There are two types of bowling green, one is simply a flat rectangle of grass, this type is seen all over the world, the other is the 'crown green' on which the entire area of the green bulges upwards toward the centre, the crown green is only seen in central England and North Wales (right across the country roughly from just north of Birmingham to the Lake District)

Fig ___ Crown Bowling Green
Crown Bowling Green photographed in 2006

Not all bowling greens were in parks (the example above is in my local village) and not all parks had them, many town parks were simply open spaces surrounded by trees with flower beds, meandering paths and often an open area of grass. Parks usually had several wooden slatted benches set at intervals alongside the pathways. Facilities such as tennis courts were added to town and city parks in the 1930s, and for a time in the 1950s and 60s the 'putting green' (a golf course where all the holes were close together, requiring only a putting iron to play, were quite popular.

Tennis courts in parks have a tarmac surface marked as shown below with white lines. The standard size for a tennis court is 78 feet (23.8m)long by 27 feet (8.2m) wide, a doubles court is slightly wider at 36 feet (11.0m), there is an additional space around the court, typically about four feet wide in the case of a public park court. The net is 3 feet high, the support posts are set a couple of feet outside the court. Each court (there are usually two or more in a public park) is surrounded by a high (9 or 10 feet) chain-link wire fence.

Fig ___ Tennis court markings
Tennis court markings

Where such facilities existed it was normal for the park keeper to have a selection of equipment for hire such as tennis rackets or putting irons. These were usually hired from the park keepers hut (the example shown above covered the tennis courts, bowling green and a putting course), in larger parks a secondary hut, manned by an assistant park keeper, might be provided close by such amenities. The example shown below is a small secondary hut associated with a pair of bowling greens in a small town park (I believe one of the greens was formerly a tennis court). The metal shutters replaced the traditional wooden shutters, many of which were of the lift-off and store-inside type.

Fig ___ Park keepers hut for renting of bowls equipment
Park keepers hut photographed in 2006

In the later 1960s and 1970s park keepers largely disappeared and the small cottages that went with the job were sold off. The councils sent teams of gardeners round at intervals to try and keep up the flower beds but by the mid 1990s the park keepers were widely reintroduced as people increasingly complained about the deplorable condition the parks had fallen into.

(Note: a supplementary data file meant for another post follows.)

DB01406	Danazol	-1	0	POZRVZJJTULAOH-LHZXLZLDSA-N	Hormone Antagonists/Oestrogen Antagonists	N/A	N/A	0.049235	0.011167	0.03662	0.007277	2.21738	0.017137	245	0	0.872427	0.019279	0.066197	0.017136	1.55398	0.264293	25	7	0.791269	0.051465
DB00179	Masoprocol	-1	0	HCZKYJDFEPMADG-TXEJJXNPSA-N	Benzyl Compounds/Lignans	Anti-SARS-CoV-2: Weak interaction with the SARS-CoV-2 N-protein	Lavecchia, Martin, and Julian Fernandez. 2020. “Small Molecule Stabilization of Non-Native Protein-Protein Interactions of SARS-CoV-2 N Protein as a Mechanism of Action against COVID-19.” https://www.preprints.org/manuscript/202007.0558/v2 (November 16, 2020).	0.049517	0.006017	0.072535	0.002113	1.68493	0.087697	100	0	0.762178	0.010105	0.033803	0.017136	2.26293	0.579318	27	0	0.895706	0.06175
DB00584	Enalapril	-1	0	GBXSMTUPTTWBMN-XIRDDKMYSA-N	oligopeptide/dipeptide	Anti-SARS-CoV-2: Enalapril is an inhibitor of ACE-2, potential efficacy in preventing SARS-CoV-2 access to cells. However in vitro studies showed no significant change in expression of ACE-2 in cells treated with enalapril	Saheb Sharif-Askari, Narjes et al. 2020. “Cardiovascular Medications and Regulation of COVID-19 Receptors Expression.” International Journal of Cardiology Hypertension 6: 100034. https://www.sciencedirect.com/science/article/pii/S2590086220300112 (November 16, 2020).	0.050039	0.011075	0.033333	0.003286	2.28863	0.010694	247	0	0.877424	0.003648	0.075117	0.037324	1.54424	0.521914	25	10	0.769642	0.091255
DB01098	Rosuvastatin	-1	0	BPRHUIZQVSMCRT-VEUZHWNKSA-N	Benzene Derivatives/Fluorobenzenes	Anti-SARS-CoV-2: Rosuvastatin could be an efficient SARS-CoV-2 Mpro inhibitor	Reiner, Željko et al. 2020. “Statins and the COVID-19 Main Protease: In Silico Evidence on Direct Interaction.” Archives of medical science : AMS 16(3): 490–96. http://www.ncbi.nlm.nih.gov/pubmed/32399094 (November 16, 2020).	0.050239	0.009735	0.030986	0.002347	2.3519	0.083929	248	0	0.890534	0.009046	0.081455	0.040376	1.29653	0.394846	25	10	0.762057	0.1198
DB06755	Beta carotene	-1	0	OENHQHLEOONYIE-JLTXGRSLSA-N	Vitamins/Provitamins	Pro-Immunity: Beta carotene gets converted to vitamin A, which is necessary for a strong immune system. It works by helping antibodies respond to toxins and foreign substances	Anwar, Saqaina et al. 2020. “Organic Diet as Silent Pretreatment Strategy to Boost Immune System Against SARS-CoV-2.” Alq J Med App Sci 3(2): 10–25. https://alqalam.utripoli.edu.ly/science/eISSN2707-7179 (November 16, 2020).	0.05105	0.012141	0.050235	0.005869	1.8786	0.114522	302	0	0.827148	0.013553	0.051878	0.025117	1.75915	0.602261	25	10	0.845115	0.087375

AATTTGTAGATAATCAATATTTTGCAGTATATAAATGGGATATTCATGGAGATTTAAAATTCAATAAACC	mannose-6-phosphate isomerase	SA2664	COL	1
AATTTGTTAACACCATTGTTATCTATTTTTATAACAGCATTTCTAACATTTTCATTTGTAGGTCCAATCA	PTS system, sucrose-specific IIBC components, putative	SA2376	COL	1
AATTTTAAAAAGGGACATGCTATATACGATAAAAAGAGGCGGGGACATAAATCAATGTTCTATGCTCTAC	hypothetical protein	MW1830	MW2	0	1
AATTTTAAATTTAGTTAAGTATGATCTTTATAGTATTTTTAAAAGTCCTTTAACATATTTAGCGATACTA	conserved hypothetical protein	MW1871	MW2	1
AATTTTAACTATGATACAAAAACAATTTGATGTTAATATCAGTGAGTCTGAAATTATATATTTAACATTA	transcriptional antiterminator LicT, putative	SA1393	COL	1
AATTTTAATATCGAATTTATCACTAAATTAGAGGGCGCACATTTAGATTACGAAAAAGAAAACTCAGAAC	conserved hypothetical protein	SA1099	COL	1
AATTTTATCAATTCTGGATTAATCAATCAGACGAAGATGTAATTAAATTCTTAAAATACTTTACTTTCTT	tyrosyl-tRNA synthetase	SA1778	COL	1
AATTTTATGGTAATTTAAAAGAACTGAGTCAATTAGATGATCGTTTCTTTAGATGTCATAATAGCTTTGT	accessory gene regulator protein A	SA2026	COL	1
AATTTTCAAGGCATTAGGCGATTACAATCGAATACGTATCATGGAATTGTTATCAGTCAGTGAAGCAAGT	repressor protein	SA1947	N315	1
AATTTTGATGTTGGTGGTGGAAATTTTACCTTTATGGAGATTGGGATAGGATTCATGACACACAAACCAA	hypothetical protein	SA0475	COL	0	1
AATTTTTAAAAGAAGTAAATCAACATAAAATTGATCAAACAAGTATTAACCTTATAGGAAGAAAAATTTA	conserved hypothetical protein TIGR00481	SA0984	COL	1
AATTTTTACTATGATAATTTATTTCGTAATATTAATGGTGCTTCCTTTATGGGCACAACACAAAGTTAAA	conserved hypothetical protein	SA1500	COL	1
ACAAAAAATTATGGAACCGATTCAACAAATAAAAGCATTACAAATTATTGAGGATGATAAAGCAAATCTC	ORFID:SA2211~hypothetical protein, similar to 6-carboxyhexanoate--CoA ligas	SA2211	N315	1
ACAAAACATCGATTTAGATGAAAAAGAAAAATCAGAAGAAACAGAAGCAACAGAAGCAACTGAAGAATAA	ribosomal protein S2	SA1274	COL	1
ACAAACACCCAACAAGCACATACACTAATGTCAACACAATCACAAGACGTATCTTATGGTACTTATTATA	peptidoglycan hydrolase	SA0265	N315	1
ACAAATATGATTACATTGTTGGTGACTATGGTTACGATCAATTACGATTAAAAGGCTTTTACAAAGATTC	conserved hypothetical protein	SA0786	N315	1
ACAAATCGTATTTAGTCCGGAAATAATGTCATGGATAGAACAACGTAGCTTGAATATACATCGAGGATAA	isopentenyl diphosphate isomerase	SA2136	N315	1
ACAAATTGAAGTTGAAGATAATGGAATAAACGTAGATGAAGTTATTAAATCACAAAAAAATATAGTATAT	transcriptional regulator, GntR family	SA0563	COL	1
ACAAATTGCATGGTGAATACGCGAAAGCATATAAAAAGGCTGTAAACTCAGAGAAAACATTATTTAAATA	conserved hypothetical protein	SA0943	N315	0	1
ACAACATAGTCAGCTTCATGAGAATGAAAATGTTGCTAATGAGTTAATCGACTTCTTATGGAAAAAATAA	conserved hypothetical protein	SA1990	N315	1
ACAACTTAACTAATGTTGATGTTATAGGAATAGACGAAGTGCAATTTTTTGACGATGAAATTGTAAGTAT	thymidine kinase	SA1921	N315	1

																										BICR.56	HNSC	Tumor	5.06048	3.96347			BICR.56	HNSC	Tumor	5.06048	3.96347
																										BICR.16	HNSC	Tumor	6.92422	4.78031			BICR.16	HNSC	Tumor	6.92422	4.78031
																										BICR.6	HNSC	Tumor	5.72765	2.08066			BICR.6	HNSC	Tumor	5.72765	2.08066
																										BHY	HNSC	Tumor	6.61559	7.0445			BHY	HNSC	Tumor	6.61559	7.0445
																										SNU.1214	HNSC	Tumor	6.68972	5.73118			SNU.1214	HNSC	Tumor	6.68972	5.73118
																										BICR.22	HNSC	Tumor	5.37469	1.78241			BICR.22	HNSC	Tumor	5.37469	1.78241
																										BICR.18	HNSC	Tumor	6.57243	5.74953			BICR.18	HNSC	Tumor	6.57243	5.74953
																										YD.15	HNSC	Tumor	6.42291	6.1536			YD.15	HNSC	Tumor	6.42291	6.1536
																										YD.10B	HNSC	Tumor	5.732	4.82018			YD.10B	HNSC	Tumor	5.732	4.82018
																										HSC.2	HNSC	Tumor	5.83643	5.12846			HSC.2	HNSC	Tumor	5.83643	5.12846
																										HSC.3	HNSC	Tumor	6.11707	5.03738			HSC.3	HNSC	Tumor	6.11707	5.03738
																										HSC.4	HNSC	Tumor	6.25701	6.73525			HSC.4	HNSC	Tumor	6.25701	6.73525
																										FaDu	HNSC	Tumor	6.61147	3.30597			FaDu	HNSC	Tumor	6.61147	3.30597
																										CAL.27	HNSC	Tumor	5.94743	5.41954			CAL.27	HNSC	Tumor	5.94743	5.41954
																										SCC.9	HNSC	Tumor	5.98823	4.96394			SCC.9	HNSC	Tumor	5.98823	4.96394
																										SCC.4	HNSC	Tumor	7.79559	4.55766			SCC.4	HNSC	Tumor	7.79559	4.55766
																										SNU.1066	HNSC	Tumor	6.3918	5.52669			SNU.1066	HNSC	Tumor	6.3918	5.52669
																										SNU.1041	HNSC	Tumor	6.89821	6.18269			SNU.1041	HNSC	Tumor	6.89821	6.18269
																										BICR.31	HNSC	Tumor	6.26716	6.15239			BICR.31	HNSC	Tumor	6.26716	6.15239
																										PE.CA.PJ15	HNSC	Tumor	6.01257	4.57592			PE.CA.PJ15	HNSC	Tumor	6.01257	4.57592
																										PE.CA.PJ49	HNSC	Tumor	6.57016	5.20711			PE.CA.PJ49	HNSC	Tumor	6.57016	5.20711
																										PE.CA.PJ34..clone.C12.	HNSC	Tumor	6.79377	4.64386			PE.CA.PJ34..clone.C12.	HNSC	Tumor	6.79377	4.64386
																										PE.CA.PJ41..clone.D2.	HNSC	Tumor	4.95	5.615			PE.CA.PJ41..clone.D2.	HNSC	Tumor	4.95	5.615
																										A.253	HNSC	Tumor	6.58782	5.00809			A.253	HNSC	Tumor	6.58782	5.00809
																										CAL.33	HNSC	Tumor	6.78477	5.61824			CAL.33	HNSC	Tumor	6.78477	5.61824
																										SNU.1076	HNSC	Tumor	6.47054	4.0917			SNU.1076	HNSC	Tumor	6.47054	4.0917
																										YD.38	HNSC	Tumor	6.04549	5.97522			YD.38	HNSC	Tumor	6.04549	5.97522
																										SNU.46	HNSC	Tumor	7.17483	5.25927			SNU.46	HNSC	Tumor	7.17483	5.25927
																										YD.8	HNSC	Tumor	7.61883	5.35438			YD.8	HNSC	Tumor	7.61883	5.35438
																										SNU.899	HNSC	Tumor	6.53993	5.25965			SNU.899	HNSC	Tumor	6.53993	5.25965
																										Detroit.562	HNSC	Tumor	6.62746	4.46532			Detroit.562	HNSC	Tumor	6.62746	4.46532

One common complaint about public parks in built up areas in the 1980s was that they were often littered with dog droppings, a hazard to children playing in the park (prior to this dog owners generally allowed their animals to do their business beside roadside trees on the streets, the move into the parks seems to have followed the departure of the park keepers). From the later 1990s rules were introduced that provided special bins for dog droppings, the owners being subject to a fine if they did not clear up after their animals.

Fig ___ Park dog-droppings bin
Park dog-droppings bin photographed in 2006

Public parks of this general type define a location as being within a town and offer considerable potential for modelling. For a time I lived in a place called Edgley, south of Manchester, and our local park had a set of tennis courts, a couple of bowling greens, ornamental flower beds, paths wending through wooded areas and a small lake on which people were allowed to sail model sailing boats (motor boats were banned). In the summer an ice cream van would be parked up and a gentle grassy hill by the lake was a good place for kite flying.

Some parks offer unusual amenities, at one of my local parks there is an elevated track, dual gauge for three and five inch gauge trains on which rides for children are provided every Sunday. As I understand it the council maintains the track on the basis that the local model engineering club provides kiddies rides during the summer. The track is supported on concrete posts (A) and has a metal strip on either side supported by angled metal bars (B), the passenger coaches live on-site in special sheds and have dropped sides with rollers that run on the metal strips.

Fig ___ Park railway
Park railway photographed in 2006

The engines are brought in on special trailers, there is a comprehensive preparation area complete with a traverser system which also serves as a turn-table. Most of the engines are steam but a few diesel electrics are also regularly used. The photographs below show part of the preparation area and the traverser-turntable.

Fig ___ Park railway preparation area
Park railway preparation area photographed in 2006

Each loco will normally pull two 'coaches' and as so many engines are on the line, which twists and curves through the trees, a comprehensive four aspect colour light signalling system is employed. The station area is equipped with a water hose for topping up the tanks on the steam engines.